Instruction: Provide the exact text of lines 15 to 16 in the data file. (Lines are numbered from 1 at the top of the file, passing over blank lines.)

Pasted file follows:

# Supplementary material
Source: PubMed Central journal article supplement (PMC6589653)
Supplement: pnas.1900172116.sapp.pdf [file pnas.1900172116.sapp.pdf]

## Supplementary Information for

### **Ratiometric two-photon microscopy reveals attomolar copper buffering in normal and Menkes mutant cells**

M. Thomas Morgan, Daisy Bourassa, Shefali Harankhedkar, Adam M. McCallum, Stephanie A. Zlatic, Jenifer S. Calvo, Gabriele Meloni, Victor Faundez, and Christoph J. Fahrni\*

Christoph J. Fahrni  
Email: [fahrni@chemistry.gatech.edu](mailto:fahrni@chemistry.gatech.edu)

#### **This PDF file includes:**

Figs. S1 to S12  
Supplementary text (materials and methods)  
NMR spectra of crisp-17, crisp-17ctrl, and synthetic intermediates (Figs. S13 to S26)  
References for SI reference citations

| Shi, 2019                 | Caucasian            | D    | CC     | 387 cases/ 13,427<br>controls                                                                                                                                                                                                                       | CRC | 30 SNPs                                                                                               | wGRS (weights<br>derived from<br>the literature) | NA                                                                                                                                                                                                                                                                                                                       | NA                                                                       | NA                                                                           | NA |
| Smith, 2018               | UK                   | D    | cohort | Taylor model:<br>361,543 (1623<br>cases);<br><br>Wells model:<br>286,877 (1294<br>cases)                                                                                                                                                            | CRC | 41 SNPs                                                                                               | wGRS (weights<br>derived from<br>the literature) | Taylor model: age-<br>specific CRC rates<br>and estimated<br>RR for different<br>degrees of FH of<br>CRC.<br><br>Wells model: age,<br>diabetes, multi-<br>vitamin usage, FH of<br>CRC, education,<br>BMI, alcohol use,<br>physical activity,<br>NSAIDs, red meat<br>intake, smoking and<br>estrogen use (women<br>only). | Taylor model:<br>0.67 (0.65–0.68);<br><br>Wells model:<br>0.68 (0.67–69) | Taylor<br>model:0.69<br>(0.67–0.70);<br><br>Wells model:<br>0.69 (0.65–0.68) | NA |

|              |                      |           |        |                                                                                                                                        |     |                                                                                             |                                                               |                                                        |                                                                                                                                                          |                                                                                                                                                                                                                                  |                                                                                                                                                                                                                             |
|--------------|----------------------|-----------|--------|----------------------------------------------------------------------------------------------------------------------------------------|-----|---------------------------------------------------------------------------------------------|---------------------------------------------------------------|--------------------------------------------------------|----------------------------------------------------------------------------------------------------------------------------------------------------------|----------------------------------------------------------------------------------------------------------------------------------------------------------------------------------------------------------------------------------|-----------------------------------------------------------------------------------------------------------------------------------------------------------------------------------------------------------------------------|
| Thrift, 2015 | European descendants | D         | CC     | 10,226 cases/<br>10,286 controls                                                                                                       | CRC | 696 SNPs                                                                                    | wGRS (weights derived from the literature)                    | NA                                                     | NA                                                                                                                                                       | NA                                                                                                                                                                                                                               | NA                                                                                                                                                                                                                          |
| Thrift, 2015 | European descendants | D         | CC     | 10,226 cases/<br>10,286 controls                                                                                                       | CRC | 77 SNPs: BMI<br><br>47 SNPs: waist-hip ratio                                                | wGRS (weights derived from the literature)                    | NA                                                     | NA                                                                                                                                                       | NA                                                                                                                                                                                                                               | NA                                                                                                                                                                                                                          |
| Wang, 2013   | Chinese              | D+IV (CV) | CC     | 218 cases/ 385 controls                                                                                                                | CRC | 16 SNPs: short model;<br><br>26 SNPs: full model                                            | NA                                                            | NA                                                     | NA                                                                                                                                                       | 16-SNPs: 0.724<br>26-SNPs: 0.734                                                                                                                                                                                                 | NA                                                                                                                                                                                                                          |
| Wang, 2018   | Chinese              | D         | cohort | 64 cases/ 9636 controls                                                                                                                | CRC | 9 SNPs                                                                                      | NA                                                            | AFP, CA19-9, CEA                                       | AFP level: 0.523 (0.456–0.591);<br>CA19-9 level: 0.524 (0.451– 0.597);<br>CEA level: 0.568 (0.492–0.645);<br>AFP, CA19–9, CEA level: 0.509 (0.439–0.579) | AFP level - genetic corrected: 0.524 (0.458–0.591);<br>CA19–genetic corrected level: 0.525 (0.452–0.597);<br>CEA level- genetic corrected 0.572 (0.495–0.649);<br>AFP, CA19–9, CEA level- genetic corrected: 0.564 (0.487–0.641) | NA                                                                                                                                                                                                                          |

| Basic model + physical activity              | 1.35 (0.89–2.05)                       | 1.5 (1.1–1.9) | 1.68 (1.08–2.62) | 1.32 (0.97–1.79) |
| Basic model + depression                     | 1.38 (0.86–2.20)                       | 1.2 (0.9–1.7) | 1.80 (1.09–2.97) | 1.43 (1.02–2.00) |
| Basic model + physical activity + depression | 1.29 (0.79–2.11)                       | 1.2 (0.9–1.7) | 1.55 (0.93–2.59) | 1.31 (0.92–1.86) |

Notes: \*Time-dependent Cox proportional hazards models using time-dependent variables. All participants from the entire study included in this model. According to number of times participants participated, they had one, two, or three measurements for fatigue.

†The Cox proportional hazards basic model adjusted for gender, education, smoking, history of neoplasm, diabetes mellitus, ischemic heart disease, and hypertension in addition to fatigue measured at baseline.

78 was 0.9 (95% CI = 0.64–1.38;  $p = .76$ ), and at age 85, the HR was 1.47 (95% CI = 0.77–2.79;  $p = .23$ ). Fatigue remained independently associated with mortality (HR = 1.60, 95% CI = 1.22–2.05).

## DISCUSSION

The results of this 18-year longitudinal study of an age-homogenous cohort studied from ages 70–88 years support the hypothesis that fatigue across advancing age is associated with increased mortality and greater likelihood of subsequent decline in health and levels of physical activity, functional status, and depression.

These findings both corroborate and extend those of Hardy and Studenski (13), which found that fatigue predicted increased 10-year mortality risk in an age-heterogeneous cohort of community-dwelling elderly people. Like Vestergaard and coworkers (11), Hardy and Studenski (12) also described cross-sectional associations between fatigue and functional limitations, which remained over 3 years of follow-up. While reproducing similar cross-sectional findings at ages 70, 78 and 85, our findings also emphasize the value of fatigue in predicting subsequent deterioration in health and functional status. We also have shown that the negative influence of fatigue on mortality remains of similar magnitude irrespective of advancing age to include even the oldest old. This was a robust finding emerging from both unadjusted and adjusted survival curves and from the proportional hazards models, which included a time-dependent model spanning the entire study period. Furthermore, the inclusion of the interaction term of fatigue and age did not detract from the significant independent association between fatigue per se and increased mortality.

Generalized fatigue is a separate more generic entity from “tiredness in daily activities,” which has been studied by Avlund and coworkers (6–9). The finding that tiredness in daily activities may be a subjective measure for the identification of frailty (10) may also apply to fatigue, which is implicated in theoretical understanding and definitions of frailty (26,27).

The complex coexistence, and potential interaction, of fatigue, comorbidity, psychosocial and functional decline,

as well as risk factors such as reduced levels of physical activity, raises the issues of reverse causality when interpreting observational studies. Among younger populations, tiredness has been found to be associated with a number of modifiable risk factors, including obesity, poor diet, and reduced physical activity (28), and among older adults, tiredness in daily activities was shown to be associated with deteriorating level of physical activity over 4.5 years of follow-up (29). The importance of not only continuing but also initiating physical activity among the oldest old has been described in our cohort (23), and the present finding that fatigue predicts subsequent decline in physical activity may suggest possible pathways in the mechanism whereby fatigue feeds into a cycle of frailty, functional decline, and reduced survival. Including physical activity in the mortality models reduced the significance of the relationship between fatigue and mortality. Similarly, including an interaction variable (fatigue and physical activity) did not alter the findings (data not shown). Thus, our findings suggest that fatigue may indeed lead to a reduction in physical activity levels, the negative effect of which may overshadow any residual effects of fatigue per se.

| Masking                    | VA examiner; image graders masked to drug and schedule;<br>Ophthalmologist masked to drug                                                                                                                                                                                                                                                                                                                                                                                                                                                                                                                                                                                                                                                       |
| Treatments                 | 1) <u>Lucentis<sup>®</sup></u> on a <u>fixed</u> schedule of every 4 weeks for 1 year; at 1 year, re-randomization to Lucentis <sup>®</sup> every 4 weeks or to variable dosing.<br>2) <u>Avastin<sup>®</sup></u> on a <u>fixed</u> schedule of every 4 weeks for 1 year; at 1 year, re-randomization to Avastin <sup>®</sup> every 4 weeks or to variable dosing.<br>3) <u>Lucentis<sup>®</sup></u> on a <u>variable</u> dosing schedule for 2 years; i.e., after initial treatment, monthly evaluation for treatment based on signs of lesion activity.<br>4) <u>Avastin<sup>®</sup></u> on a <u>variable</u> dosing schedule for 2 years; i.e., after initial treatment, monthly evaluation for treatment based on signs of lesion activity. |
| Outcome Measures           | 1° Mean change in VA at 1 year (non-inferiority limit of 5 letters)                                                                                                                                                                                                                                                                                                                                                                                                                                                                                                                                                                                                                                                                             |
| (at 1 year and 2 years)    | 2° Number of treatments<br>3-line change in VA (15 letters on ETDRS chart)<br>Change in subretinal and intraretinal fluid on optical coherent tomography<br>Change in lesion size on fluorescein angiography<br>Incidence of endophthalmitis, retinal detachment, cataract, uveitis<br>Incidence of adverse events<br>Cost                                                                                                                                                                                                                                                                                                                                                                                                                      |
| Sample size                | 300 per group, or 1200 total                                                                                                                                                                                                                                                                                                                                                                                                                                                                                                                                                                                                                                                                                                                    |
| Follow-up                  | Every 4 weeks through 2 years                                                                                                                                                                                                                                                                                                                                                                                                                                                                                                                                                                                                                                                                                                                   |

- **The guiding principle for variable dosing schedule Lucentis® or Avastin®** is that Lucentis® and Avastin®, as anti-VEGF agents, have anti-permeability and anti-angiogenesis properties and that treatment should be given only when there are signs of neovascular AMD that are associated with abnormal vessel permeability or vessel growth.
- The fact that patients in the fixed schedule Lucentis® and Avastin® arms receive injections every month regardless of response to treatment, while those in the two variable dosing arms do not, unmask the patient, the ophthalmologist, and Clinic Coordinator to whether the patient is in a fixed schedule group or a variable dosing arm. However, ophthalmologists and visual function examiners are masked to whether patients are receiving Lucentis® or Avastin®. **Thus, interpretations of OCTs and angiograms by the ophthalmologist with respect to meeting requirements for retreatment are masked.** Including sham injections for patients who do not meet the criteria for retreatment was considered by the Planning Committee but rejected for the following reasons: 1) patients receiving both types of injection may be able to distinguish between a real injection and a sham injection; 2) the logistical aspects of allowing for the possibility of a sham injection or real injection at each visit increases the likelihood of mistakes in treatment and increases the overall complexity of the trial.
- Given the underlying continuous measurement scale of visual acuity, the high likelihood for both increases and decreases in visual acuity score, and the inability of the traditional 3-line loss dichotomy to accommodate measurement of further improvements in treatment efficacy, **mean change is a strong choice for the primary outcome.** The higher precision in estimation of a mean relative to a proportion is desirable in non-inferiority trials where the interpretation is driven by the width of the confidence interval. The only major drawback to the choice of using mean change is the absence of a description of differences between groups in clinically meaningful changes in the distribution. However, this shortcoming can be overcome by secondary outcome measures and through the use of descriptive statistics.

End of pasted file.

| Smith, 2018               | UK                   | D    | cohort | Taylor model:<br>361,543 (1623<br>cases);<br><br>Wells model:<br>286,877 (1294<br>cases)                                                                                                                                                            | CRC | 41 SNPs                                                                                               | wGRS (weights<br>derived from<br>the literature) | Taylor model: age-<br>specific CRC rates<br>and estimated<br>RR for different<br>degrees of FH of<br>CRC.<br><br>Wells model: age,<br>diabetes, multi-<br>vitamin usage, FH of<br>CRC, education,<br>BMI, alcohol use,<br>physical activity,<br>NSAIDs, red meat<br>intake, smoking and<br>estrogen use (women<br>only). | Taylor model:<br>0.67 (0.65–0.68);<br><br>Wells model:<br>0.68 (0.67–69) | Taylor<br>model:0.69<br>(0.67–0.70);<br><br>Wells model:<br>0.69 (0.65–0.68) | NA |

|              |                      |           |        |                                                                                                                                        |     |                                                                                             |                                                               |                                                        |                                                                                                                                                          |                                                                                                                                                                                                                                  |                                                                                                                                                                                                                             |